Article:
“No one appreciates the very special genius of your conversation as a dog does.”
Dogs, our 4-legged, tail-wagging friends, are catalysts for joy, with the never-ending ability to make us smile, help us experience unconditional love, and enjoy countless hours of companionship. From the toddler years through the golden ones, there are dogs suitable for all stages of life, ready to deliver affection and friendship, and, as we age, the benefits of dog ownership continue to grow.
How Dogs Can Benefit Seniors
Wet noses and sloppy kisses aside, there are many perks of having a dog at home. According to a study conducted by the Harvard Medical School, owning a pet can lower blood pressure, ease anxiety or depression, and increase activity levels. Man’s (and woman’s) best friend can do all that? The bond with a dog can be a great source of comfort, happiness, and love, staving off feelings of stress, loneliness, and isolation. As well, caring for a dog, with the daily routine of feeding, walking, playing, and grooming, provides a greater sense of purpose and accomplishment for us humans.
In addition to the emotional benefits, the physical rewards of having a canine companion are great – exercising a dog is a motivator to get moving, to stay active, and even more social as you walk the dog and interact with other dog parents. Finally, having a dog in the home can provide a sense of security – even if it’s a small one, a dog’s bark can act like an alarm.
How to Choose the Right Dog
There are a few factors to consider before selecting a dog, such as your abilities and your living environment. While some of the best breeds for seniors are characterized by being loving, relaxed, easy to train, and lower maintenance, it’s important to look at what best suits your lifestyle. Do you like and/or are you able to get outside to exercise the dog? If you prefer or need to stay home, there are playful indoor dogs that require few outings versus breeds that are high energy and require more exercise. If you’re living in an apartment, a smaller, less noisy (read: bark-prone) dog can be a better choice, and if you are wary of puppydom, you can also consider adopting an adult dog, one that is already housebroken, socialized, and calmer.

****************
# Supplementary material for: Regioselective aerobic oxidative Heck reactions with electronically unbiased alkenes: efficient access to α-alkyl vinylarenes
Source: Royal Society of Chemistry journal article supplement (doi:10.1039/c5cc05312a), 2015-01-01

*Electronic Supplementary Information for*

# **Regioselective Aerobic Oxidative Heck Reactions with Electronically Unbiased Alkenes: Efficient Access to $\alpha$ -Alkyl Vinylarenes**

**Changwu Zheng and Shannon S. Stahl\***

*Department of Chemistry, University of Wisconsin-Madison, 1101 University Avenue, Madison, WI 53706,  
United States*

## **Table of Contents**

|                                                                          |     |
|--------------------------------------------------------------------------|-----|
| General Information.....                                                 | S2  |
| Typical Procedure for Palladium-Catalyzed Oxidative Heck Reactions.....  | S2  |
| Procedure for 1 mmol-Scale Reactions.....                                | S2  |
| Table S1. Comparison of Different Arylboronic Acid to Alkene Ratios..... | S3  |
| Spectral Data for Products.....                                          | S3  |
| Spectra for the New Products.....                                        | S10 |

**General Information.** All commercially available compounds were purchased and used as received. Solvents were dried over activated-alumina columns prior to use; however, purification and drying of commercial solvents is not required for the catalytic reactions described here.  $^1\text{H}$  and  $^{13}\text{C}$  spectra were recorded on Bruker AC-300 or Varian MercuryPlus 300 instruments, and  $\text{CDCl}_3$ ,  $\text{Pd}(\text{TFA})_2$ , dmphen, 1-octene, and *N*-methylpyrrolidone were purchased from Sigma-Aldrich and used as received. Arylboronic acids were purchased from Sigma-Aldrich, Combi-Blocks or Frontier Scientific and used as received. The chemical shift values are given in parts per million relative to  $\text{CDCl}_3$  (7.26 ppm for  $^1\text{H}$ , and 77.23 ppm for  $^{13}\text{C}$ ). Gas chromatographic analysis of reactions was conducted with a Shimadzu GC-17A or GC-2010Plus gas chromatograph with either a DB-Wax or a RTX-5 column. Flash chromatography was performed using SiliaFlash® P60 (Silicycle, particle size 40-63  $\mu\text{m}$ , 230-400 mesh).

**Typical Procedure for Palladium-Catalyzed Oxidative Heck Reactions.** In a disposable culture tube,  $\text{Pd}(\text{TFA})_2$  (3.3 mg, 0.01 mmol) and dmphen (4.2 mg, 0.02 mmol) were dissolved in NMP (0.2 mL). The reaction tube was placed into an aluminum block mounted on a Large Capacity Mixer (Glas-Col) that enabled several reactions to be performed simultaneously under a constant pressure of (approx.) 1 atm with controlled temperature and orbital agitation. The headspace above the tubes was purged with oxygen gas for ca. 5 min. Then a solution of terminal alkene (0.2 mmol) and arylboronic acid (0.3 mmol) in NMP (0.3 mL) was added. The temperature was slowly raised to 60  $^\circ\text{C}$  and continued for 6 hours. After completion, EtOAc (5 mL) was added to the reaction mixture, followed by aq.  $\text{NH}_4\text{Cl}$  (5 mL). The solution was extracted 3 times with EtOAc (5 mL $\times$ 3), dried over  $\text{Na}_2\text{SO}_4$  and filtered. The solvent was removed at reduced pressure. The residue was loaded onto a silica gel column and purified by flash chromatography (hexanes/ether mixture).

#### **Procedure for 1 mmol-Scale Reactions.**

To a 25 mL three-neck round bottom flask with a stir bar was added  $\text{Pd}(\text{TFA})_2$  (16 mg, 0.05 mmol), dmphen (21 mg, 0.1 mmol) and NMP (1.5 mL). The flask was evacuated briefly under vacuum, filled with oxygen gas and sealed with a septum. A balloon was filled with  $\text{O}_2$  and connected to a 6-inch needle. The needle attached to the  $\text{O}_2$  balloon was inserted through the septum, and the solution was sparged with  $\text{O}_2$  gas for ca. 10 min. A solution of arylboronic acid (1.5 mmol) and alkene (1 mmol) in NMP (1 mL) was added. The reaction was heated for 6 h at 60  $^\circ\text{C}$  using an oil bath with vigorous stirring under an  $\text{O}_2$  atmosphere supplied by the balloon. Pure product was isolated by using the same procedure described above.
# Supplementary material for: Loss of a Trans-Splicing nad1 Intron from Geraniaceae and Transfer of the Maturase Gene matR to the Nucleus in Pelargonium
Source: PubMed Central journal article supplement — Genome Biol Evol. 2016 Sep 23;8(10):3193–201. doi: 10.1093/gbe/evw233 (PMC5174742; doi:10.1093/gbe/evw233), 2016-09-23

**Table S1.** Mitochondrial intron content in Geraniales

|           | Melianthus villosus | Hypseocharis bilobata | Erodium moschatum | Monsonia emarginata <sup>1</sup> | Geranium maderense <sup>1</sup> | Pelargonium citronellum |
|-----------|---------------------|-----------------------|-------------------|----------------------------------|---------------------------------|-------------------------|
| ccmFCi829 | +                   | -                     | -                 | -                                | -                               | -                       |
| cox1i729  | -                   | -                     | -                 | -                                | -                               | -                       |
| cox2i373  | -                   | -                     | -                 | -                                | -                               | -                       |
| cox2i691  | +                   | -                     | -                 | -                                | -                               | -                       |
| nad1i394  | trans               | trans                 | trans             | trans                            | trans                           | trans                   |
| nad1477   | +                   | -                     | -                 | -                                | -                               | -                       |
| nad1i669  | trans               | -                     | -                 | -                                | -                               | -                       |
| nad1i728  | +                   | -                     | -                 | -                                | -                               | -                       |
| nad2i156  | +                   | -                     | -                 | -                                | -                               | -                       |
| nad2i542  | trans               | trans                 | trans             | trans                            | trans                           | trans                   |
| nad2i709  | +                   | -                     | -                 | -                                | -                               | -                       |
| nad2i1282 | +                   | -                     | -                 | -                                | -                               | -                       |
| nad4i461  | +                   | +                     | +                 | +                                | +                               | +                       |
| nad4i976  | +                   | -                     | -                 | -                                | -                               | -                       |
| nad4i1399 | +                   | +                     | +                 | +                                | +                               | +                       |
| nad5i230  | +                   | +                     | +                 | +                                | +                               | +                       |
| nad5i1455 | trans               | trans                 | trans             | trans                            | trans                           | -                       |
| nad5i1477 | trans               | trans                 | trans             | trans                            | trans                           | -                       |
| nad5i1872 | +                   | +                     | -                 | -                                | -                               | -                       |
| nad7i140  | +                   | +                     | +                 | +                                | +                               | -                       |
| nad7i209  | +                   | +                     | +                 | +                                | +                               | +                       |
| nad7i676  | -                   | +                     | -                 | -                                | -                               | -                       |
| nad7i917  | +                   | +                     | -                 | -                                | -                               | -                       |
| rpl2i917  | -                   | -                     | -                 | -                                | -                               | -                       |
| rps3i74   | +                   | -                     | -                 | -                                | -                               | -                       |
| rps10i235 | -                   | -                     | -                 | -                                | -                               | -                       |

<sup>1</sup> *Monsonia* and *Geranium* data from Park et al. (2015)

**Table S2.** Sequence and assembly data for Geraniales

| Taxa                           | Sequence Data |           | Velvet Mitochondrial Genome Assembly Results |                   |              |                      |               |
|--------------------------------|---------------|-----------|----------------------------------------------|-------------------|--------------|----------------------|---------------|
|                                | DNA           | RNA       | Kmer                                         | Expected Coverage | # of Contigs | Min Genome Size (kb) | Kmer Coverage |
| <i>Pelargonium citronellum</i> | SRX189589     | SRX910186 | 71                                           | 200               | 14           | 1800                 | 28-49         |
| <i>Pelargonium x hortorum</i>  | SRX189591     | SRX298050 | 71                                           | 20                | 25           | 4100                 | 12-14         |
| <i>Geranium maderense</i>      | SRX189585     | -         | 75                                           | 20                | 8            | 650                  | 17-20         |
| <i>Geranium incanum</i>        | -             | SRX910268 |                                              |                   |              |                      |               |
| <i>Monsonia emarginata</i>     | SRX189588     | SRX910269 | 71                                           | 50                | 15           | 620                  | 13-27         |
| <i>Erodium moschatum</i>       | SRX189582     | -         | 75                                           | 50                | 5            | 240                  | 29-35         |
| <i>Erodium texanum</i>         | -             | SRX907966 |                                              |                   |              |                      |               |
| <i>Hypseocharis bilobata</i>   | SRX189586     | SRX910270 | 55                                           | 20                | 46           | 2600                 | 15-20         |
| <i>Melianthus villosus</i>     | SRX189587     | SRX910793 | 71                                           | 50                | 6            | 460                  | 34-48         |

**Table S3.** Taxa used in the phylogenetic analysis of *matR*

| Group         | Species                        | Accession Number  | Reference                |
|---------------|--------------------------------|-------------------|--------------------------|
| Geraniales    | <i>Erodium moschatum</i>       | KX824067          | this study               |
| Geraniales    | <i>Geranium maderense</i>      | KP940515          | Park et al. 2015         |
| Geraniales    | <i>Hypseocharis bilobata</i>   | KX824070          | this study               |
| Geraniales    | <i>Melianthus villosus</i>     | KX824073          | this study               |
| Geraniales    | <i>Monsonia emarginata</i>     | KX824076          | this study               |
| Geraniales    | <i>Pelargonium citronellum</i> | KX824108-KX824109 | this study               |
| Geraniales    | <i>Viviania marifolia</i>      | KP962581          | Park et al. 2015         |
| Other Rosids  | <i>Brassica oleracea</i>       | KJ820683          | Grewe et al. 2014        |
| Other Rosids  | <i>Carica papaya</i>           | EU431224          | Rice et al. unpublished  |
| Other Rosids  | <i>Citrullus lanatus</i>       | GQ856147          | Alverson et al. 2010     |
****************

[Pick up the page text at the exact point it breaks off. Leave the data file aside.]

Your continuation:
Popular Dogs for Seniors
As mentioned, affectionate and loyal, dogs make for great senior companions, and can adapt well to a seniors’ lifestyle. Here are some sizes and breeds that are popular for seniors:
These breeds (up to 22 pounds) are compact, cheerful, and affectionate. They usually require only moderate exercise (some of the tiny breeds can even get all the exercise they need by running around your house!), are easy to train and handle, and make for the perfect lap dog. Below are dogs that fit in this category and some of their defining characteristics:
Bichon Frisé: smart, obedient, affectionate, require regular brushing and grooming
Cavalier King Charles Spaniel: quiet, lap dog, smart, easy to train, loving, good temperament, gentle
French Bulldog: good temperament, adaptable, love human contact, low exercise and grooming needs
Pomeranian: tiny (3-6 pounds), affectionate, smart, energetic, considered emotional support dogs, easy to handle, but can be yappy
Poodle: (Toy or Miniature size): good temperament, extraordinarily intelligent, highly trainable, gentle, loving
Pug: don’t bark (but tend to snore), don’t need much exercise, affectionate, minimal grooming
Shih Tzu: bred to be companions, adaptable, low exercise, can be prone to barking
While the list is much smaller than the one for lap dogs, these medium-size dogs (22-55 pounds) can make for great companions, are smart, and easy to train.
Goldendoodle: smart, loyal, affectionate, easy to train
Pembroke Welsh Corgi: smart, lively, easy to train, does require frequent daily walks
Gentle giants, these large dogs (over 55 pounds) have excellent temperaments, can make a dog parent feel more secure, and are ideal if you have room for a dog to stretch its legs indoors and be energetic outdoors. These breeds include:
Golden Retriever: kind, loving, loyal, need a lot of outdoor exercise to release energy
Greyhound: calm, gentle, quiet, easy to manage, friendly
Labrador Retriever: warm, outgoing, love human company, highly energetic and require a lot of exercise
Standard Poodle: good temperament, extraordinarily intelligent, highly trainable, gentle, loving
Whether chasing their tails or snuggling up close, dogs bring with them joy, comfort, and friendship to all…really, what more could we all hope for in a companion?!? Woof.